“If 4G is rolled out, for sure, if you are close to the base station, you will get bandwidth. The further away you go, the less bandwidth you will get. That is a function of physics; you cannot beat that. The only way to get a lot of bandwidth everywhere is to have more and more and smaller cells. That is really what the wireless future is about. To do that, you need more fibre.”
If you read beyond the commentary which I have included in this article and look at the wider transcript, it is clear that in many senses, Cochrane is the UK telecommunications equivalent of a hippy. In his segment in the UK parliamentary committee into broadband, he rants and raves about how great fibre to the home is, and highlights many examples where communities have independently rolled out fibre to their neighbourhoods without the assistance of major telcos like BT.
Cochrane is an out and out evangelist for fibre broadband, and it shows in his one-sided approach to the matter. There really is no point, he says repeatedly, in rolling out anything other than fibre; fibre is cheap enough and delivers such exorbitant levels of bandwidth that it will fill all of humanity’s broadband needs for the foreseeable future.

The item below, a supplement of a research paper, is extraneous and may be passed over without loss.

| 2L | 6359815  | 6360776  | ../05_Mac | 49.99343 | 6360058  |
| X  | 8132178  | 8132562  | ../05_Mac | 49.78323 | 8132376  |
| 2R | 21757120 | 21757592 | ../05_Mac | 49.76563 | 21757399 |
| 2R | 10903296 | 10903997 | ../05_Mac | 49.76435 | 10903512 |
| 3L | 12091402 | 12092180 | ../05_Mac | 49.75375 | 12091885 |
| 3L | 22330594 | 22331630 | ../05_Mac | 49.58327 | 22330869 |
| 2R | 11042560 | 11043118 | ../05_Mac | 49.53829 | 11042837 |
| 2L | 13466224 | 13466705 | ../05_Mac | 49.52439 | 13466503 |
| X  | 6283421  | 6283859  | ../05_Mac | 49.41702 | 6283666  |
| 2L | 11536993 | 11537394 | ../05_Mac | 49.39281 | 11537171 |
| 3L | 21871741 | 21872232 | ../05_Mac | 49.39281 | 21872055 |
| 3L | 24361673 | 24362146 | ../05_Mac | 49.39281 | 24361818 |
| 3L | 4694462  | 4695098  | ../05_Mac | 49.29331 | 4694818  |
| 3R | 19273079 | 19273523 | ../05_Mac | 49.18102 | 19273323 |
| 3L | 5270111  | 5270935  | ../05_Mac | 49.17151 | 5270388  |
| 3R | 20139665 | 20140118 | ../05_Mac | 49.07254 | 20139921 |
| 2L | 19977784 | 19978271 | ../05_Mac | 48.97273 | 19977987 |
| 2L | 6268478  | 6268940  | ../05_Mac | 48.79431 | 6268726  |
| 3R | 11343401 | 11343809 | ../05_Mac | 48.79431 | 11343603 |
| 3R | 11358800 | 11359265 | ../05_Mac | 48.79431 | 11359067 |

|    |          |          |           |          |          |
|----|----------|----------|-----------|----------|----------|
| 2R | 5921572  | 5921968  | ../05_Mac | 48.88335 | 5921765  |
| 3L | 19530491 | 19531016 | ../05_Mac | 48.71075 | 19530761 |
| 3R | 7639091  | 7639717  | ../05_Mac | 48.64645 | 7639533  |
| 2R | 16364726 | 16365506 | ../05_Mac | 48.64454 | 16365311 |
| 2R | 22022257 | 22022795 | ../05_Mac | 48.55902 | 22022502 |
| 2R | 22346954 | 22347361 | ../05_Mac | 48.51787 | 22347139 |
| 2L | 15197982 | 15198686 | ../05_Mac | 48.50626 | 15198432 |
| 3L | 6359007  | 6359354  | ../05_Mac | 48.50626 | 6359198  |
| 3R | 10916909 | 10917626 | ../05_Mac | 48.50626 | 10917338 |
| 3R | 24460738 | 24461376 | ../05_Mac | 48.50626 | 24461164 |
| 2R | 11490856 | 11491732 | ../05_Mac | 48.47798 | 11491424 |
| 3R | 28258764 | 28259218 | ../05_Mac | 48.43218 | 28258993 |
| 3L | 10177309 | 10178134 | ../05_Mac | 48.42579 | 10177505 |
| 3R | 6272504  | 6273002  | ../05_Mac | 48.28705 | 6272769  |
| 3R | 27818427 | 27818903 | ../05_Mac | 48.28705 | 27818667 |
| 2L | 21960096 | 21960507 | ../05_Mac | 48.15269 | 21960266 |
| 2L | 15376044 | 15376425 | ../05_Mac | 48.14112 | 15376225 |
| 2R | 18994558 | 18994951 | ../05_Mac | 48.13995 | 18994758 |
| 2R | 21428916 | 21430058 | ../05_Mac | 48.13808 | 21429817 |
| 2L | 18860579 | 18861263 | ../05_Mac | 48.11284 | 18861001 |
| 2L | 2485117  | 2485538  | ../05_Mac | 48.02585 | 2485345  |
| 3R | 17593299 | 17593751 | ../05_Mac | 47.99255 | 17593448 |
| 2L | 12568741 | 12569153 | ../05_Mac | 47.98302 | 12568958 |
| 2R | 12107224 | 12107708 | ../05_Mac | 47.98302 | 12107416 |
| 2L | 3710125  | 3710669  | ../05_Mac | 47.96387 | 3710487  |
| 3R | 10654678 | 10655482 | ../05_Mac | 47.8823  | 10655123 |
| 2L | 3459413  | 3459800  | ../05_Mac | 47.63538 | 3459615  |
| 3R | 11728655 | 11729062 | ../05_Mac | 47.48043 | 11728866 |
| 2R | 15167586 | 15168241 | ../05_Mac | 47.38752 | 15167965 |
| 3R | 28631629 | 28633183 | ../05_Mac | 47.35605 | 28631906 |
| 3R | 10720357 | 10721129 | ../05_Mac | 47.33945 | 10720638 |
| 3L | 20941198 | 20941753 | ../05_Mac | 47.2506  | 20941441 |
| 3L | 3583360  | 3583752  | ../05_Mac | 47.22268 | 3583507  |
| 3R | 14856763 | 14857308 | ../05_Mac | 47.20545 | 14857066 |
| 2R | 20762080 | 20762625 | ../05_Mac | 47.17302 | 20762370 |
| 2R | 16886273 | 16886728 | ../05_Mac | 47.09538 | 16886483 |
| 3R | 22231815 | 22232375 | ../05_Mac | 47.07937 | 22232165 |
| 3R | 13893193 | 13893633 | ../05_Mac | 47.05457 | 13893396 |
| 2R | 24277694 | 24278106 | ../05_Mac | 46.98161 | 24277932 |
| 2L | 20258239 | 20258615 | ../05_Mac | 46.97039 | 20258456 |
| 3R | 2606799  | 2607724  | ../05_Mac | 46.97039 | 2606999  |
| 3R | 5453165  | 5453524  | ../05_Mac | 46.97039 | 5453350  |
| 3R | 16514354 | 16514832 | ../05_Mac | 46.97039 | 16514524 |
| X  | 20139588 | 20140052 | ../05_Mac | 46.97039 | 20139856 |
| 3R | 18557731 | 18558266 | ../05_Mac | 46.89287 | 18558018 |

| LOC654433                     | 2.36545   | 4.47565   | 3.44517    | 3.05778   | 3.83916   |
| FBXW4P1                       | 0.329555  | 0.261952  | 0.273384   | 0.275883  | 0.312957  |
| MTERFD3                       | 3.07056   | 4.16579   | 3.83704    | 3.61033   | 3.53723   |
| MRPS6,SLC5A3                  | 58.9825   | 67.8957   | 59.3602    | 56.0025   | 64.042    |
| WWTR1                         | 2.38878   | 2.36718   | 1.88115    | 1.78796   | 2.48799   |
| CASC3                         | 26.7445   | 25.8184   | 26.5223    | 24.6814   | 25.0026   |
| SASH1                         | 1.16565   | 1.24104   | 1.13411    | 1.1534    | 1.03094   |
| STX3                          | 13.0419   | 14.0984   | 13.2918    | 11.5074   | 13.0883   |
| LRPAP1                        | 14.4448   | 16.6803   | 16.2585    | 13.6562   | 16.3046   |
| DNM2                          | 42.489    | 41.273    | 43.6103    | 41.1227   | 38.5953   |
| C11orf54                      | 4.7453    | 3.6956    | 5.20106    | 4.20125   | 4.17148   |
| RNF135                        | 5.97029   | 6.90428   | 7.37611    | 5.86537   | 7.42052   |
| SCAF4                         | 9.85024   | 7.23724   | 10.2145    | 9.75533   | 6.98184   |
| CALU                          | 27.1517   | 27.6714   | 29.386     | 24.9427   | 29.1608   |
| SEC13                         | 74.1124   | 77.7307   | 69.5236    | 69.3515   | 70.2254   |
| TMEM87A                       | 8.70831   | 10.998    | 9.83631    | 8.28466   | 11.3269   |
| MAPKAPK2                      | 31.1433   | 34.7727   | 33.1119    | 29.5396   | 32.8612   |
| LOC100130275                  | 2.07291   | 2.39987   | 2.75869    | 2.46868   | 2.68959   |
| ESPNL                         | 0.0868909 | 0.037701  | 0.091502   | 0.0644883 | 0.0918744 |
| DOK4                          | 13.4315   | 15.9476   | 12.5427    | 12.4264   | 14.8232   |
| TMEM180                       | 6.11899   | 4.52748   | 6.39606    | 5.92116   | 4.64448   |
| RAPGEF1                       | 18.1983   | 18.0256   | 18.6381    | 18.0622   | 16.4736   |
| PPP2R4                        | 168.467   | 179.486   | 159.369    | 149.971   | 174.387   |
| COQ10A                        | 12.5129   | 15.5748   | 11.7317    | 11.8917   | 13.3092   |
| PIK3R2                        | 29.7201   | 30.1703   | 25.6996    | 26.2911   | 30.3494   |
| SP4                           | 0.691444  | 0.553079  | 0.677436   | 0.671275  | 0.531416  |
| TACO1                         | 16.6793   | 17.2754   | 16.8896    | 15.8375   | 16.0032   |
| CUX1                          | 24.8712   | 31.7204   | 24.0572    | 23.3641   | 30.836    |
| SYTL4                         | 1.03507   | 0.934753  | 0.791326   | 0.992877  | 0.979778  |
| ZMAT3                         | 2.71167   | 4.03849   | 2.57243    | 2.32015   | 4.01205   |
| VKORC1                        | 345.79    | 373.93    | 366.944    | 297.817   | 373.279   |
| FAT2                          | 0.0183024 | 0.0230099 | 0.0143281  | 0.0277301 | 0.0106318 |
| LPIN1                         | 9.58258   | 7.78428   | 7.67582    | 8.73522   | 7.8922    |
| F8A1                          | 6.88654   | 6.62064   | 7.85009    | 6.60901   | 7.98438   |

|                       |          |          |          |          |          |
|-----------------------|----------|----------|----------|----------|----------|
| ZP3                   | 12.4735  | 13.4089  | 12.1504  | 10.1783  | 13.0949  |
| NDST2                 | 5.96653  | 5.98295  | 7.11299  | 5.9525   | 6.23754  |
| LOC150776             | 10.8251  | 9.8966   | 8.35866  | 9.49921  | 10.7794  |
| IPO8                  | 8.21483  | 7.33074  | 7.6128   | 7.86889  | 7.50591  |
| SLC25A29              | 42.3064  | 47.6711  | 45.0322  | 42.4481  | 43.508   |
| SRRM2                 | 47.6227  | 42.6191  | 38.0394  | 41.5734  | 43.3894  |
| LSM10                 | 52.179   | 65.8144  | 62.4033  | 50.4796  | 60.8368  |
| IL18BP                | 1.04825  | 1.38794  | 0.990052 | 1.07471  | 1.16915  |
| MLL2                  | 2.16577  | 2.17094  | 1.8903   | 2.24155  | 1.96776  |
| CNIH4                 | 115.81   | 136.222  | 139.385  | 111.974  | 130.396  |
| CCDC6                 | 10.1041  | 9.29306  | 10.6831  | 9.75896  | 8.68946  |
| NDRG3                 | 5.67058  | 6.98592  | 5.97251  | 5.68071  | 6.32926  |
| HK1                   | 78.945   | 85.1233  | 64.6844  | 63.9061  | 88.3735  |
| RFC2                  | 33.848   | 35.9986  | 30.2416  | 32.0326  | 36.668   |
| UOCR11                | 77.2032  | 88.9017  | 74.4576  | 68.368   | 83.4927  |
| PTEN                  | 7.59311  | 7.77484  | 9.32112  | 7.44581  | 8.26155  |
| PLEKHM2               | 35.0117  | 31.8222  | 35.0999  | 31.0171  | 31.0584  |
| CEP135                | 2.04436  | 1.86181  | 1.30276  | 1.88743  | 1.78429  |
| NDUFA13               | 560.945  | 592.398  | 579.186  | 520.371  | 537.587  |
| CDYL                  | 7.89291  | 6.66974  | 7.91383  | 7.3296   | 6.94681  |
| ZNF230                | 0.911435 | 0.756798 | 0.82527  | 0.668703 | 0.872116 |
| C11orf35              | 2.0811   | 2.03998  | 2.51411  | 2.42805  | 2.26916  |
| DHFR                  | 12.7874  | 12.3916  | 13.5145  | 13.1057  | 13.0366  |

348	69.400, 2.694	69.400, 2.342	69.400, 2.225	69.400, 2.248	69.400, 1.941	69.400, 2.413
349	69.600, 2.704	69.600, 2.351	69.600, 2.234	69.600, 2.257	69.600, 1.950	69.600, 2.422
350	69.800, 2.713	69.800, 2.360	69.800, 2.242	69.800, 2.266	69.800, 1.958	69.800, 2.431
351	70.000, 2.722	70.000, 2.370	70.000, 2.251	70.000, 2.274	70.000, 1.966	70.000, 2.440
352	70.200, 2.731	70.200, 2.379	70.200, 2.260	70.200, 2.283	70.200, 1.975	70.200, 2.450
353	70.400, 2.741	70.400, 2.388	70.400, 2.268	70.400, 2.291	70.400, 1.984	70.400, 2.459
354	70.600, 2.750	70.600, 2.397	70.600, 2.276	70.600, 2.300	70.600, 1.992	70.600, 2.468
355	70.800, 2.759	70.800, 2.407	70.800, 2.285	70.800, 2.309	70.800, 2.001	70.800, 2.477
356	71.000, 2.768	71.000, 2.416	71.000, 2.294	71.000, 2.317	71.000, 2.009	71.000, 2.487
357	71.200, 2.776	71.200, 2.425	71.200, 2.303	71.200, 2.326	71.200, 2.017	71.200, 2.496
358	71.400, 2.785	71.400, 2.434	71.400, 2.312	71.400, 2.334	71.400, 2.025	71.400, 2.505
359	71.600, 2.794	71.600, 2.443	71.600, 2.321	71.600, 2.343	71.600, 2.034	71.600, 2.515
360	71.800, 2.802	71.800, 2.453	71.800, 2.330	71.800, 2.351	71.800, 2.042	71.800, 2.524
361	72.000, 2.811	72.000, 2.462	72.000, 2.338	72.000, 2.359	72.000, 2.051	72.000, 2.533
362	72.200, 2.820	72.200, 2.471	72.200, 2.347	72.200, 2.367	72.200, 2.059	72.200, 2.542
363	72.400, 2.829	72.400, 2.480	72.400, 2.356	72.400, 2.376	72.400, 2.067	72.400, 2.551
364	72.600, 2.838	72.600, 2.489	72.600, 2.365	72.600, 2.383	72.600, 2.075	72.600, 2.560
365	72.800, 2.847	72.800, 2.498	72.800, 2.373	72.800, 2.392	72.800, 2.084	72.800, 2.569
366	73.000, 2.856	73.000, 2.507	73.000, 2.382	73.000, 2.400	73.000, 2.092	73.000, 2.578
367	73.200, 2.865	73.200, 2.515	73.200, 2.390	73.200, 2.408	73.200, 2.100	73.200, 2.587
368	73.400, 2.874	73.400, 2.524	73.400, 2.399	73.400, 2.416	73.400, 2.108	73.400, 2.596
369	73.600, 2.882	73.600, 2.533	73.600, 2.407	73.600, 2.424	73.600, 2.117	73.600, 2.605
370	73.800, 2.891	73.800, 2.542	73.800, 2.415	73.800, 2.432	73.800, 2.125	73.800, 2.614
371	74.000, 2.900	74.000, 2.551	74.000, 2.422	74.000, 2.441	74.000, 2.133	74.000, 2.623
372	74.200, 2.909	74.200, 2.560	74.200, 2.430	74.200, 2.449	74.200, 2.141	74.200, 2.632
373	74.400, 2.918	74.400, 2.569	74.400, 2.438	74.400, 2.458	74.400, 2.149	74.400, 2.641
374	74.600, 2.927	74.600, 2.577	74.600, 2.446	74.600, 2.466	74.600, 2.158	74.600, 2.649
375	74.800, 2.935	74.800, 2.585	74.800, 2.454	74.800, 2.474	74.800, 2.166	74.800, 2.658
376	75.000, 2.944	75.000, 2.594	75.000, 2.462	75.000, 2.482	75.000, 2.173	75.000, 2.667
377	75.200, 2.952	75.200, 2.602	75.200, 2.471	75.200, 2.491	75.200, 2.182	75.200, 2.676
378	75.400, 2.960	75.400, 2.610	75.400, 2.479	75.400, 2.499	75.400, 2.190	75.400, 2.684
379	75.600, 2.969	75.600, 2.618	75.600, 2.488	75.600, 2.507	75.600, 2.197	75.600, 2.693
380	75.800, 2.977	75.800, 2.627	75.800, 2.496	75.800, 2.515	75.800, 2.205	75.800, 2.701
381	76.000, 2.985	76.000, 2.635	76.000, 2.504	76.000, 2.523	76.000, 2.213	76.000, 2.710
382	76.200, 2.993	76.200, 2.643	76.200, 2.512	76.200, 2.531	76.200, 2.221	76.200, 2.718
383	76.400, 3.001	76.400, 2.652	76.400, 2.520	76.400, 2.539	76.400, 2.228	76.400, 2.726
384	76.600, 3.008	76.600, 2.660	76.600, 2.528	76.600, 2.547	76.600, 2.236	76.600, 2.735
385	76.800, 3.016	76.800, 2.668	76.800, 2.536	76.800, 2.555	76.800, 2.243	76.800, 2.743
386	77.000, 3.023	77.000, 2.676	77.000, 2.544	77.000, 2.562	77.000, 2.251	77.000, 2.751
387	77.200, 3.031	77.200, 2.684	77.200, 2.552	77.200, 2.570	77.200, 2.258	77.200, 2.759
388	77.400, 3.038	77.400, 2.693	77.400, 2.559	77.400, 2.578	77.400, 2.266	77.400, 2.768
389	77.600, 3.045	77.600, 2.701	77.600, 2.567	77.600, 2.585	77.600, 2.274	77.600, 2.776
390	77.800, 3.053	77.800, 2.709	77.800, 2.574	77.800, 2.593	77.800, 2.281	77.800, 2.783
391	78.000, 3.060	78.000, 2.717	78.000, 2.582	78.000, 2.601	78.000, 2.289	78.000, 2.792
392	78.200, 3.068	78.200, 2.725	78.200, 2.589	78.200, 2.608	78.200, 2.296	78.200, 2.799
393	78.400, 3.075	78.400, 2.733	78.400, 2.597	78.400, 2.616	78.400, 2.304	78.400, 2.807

However, it’s important to realise several facts here.
Firstly, I have included Cochrane’s UK comments in Delimiter, a media outlet concerned with events in Australia’s technology sector, to illustrate how mainstream such discussions are overseas. In Australia, we very rarely see this kind of out and out fibre to the home evangelism, and in general, most of the media commentary around the NBN has been extremely negative. However, in the UK, in the US and in other countries, there are many groups pushing very hard for universal fibre rollouts to every neighbourhood. Cochrane, in the UK, is one example of such an evangelist. He won’t stop until he gets fibre everywhere, and fair enough, as he believes it has incredible benefits for industry.